An billboard against a blue sky with clouds that says, "Internet Neutrality: Straight Ahead," the opposite of what will happen if practices like zero-rating become a widespread standard.

Zero-rating is a sneaky way that ISPs try to control the way we consume data on the web.

 

At the end of the day, the Internet is just a network of tubes.  So who’s to say which tubes cost money to use and which don’t? Without net neutrality, Internet service providers and other companies can use strategies like zero-rating to forever change the way we browse the web. In a world where most television networks are controlled by a few major companies, the Internet is really one of last level playing fields out there.

What Is Net Neutrality?

Net neutrality is the concept that all Internet traffic should be treated equally. That means that ISPs (Internet Service Providers) do not have the right to block, slow down, or use paid prioritization to favor one website over another.

Essentially, a world without net neutrality is a world of censored knowledge. An open internet benefits everyone. Medical professionals in developing areas can search for critical information to treat patients.  Small family-owned businesses have the opportunity to expand into multi-national companies, servicing millions. People around the globe deserve an equal chance at success.

The Internet is and should always be an open forum for the free exchange of ideas.  In fact, the UN recently deemed Internet access a human right. In the digital age, it is important to discuss and determine the ethicality of Internet usage control.

Zero-rating

One sneaky way that ISPs are controlling the way we use the internet is through zero-rating.  When you use data to browse websites on your smartphone, your service provider keeps track of your data usage.  To prevent users from maxing out their data caps on the first day, say by watching two hours of YouTube on their daily commute, they zero-rate some sites.

With zero-rating, certain sites or apps don’t count towards the total amount of data you’ve used.  For example, a video streaming company can pay your service provider in advance to join this “zero-rating club.” This makes their services more appealing than another streaming site that fills your data cap more quickly.

If you think about it, there is no need for data caps or zero-rating.  If networks already have enough bandwidth to unlimited data to zero-rating sites, then there is enough for everyone.  On top of being highly illogical, this practice is violating net neutrality.  The Netherlands, Slovenia, and Chile have already banned this practice, but the FCC remains silent on zero-rating regulation.

A World Without Net Neutrality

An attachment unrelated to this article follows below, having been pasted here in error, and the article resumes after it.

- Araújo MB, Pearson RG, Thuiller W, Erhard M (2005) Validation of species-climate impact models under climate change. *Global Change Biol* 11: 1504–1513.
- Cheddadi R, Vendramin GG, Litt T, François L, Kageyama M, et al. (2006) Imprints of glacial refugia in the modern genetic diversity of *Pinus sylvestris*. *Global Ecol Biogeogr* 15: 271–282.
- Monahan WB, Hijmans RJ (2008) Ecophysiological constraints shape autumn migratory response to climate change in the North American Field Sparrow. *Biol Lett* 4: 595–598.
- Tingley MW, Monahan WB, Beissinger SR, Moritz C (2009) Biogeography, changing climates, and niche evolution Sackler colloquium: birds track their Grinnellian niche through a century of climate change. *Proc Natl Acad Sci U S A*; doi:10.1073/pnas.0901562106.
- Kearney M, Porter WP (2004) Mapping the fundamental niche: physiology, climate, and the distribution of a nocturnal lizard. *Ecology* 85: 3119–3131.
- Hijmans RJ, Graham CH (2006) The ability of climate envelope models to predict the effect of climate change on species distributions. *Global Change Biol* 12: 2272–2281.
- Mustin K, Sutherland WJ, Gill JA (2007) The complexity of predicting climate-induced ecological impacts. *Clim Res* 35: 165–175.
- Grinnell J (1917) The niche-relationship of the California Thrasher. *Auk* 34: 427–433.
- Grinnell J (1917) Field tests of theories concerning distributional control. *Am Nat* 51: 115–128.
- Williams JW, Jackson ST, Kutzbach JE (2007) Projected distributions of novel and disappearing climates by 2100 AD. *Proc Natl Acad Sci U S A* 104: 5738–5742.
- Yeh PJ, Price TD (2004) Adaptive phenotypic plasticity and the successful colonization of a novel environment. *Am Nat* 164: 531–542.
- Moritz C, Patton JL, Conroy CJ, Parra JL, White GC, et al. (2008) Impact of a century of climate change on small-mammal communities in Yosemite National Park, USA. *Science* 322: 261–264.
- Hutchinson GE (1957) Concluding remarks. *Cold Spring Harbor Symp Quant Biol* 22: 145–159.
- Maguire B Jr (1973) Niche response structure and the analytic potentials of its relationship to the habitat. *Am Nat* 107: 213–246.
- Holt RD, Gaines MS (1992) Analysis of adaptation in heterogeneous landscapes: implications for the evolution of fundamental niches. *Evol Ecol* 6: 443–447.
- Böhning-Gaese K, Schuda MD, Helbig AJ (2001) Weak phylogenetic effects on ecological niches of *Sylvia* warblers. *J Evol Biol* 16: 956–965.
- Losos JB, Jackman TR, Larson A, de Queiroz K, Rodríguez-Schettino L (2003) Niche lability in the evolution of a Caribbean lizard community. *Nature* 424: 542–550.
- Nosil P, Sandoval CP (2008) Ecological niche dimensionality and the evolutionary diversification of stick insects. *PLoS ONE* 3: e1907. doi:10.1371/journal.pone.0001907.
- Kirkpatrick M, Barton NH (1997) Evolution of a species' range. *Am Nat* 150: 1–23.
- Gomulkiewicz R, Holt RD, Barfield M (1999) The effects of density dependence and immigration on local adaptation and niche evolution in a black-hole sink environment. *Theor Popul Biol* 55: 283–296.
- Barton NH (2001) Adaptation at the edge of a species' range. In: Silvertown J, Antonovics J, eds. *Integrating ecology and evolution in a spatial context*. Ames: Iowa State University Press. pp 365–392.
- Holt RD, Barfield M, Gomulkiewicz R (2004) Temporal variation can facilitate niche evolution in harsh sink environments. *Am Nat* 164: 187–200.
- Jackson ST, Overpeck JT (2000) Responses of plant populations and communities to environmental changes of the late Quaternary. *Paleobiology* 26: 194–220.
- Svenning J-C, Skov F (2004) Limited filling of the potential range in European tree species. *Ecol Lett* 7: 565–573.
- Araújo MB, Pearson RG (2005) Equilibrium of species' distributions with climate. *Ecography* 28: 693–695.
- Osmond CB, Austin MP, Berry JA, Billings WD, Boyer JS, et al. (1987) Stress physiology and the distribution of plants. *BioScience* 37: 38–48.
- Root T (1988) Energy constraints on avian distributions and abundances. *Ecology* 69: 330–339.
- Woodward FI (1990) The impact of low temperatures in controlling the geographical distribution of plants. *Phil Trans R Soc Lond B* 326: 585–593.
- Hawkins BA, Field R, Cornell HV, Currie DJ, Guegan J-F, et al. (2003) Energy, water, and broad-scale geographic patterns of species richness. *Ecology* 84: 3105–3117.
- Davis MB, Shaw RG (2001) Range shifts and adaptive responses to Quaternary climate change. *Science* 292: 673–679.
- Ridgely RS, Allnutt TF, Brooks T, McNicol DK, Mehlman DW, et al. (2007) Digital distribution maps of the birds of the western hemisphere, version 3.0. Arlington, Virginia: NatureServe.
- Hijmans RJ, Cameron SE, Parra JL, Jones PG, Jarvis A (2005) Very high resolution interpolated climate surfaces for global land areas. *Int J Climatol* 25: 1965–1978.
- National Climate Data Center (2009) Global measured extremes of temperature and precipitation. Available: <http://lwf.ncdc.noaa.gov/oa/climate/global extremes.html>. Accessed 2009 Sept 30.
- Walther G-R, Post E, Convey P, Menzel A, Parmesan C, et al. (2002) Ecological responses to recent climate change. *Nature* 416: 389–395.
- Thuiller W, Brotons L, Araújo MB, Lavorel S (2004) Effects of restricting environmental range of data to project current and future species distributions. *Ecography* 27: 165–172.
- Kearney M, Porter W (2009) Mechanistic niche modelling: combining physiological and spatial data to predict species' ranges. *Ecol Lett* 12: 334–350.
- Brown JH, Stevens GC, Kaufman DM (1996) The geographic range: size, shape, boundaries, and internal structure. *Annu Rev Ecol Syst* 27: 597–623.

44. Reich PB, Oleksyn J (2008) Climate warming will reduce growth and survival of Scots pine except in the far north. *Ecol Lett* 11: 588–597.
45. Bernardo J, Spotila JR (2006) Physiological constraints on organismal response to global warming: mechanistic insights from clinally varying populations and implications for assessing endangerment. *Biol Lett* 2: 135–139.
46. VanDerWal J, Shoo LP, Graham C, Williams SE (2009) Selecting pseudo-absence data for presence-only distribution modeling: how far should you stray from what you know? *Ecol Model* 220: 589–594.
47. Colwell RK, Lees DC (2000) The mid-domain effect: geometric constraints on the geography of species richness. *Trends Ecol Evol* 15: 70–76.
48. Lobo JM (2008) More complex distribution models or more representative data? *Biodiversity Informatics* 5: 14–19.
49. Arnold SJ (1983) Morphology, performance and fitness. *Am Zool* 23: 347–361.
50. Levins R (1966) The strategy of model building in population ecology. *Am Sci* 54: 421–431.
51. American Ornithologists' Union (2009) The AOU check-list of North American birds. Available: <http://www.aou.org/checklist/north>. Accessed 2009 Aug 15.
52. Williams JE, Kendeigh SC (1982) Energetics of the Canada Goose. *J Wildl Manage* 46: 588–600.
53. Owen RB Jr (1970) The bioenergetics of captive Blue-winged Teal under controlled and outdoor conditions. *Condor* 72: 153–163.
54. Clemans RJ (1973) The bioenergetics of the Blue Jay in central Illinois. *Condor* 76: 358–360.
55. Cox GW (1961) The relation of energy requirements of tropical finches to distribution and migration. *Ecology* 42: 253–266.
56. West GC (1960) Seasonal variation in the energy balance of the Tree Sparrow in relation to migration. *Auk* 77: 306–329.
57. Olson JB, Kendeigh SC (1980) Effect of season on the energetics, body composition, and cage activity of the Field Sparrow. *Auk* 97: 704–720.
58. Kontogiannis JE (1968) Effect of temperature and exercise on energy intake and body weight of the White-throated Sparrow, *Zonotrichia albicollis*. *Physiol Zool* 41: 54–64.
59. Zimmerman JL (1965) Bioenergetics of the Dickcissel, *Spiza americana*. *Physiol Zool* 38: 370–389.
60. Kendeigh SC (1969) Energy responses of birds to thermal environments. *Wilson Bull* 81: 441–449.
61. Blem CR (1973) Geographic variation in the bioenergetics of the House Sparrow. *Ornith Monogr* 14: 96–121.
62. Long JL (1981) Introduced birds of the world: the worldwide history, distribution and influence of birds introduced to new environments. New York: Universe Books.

If ISPs continue to offer preferential treatment, strong service companies will become even more powerful.  Not only that, ISPs will dictate how you surf the Internet in your free time.  Right now, the web is composed of mostly streaming sites, blogs, games, social media, and email services.

Service providers will want to control which sites cost more to visit, and will also want additional fees from every website to show their content to customers. They can also choose to block certain sites and make visiting certain sites more expensive than others.

For those who argue that abolishing net neutrality can increase service provider competition, a free and open internet also stimulates ISP competition.  It also is the backbone of entrepreneurship in the digital age.  It promotes freedom of speech innovation.  Lack of net neutrality can lead to monopolies, which are already a big issue in free market economics.

What Can You Do About It?

To speak to your local legislators about this issue, or to contact members of the FCC like Chairman Ajit Pai, Mignon Clyburn, and Michael O’Reilly, here are some tips:

The first and easiest way to contact them is via email. Their email addresses are located on their website. You can also call them.  Legislators take their call appointments seriously.  If you are interested in tech and have educated opinions to provide on the issue, they are eager to listen.  Since they themselves are not tech experts, they want to be as informed as possible when creating tech policies.

If you are a DC local, you can choose to speak with them in person. If you are not, you can even make appointments to video chat with FCC commissioners or local legislators.

The Internet is a utility, not a commodity. Under the Obama administration, it was deemed a telecommunications service, meaning that it receives the same treatment as water, gas, and electricity services.  However, under the Trump administration, these rules are projected to reverse.  If you are a net neutrality supporter, it is your job to voice your opinion.

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